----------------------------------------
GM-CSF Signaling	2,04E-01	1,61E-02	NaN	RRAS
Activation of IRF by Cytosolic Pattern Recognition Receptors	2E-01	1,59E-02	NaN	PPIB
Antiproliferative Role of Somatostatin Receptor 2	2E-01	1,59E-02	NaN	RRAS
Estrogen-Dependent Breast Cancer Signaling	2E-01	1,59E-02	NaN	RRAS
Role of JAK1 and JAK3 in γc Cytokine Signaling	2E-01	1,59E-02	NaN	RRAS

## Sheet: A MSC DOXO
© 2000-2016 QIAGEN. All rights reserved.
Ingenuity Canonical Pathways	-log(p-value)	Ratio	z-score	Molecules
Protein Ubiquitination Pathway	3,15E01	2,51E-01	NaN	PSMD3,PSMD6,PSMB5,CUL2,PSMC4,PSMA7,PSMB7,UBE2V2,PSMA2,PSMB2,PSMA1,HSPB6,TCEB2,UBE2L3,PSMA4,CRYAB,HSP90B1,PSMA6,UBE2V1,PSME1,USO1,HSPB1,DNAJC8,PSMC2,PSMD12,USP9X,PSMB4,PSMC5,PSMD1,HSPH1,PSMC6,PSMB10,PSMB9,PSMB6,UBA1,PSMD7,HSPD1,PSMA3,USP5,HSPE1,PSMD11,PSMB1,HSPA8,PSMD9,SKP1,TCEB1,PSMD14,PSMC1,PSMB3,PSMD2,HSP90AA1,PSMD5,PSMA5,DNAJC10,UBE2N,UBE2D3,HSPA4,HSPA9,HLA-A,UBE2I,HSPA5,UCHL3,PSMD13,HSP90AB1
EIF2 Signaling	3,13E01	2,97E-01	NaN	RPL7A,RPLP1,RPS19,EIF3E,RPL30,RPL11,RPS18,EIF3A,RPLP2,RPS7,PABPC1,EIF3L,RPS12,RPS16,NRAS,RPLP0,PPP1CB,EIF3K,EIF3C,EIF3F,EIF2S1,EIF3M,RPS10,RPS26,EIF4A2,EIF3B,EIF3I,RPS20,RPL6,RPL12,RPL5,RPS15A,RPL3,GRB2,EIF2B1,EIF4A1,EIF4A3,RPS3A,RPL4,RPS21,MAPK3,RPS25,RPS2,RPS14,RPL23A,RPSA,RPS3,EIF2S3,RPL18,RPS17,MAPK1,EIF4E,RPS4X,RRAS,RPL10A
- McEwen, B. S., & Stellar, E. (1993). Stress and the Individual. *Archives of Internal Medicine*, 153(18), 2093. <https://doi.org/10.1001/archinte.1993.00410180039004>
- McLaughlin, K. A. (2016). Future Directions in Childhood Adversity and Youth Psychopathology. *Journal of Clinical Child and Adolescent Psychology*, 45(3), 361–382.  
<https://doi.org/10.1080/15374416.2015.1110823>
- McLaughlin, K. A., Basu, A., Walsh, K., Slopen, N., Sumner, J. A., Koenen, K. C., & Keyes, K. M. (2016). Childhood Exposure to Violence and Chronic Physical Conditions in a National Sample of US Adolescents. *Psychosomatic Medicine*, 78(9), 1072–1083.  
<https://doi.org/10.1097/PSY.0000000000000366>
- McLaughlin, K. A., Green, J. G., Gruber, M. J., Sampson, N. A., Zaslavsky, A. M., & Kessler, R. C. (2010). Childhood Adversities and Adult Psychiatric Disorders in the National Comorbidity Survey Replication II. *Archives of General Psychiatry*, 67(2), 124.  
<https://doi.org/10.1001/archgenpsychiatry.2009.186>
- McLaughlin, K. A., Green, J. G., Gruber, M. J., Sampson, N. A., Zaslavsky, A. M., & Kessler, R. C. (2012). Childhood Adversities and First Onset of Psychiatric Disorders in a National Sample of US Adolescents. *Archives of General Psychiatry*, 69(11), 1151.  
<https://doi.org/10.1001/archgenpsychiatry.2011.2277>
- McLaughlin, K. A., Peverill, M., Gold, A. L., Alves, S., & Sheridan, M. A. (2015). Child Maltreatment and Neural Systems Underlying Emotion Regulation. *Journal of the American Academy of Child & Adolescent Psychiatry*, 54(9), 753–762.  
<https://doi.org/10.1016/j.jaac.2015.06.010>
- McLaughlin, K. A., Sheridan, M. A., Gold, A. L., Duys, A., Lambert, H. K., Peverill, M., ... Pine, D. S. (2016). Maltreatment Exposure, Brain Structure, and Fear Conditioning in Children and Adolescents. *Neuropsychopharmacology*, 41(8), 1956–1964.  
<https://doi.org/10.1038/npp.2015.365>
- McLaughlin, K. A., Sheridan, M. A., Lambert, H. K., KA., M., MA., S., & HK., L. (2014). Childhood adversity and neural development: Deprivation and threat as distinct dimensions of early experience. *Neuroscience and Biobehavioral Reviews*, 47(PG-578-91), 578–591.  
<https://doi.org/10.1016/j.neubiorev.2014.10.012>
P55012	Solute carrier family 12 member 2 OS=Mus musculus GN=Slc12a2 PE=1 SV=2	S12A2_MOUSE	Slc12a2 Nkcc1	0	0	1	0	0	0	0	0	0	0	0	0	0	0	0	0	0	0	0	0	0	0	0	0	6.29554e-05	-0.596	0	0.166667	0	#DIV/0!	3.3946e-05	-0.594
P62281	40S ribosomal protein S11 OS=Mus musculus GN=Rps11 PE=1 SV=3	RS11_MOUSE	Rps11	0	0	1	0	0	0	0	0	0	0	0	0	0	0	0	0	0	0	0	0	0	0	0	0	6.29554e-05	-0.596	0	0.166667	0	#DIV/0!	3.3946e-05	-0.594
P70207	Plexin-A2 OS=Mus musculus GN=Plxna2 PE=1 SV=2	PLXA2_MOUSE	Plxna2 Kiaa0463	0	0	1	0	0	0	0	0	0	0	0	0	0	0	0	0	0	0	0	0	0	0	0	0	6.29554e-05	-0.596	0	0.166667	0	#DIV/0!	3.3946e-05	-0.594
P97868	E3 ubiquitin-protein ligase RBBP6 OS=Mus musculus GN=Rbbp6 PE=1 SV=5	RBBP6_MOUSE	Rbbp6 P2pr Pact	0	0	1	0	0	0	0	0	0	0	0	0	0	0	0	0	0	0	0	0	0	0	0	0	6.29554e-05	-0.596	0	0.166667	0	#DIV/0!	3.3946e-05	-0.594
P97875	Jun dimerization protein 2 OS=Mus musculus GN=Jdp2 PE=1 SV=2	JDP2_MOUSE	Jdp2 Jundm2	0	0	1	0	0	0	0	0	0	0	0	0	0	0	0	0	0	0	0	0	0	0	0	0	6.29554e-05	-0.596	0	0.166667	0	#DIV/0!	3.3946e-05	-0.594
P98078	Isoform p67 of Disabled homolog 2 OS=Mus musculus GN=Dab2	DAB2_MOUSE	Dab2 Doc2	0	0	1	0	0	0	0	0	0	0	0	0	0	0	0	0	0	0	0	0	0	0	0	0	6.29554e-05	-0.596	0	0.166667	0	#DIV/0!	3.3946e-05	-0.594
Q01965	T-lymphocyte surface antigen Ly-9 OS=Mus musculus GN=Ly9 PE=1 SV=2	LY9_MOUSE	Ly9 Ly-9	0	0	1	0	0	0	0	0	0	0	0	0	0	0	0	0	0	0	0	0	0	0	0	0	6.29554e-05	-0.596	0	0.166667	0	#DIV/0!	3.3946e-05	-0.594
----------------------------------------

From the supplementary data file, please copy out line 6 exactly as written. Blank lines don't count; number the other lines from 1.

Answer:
## Sheet: A MSC DOXO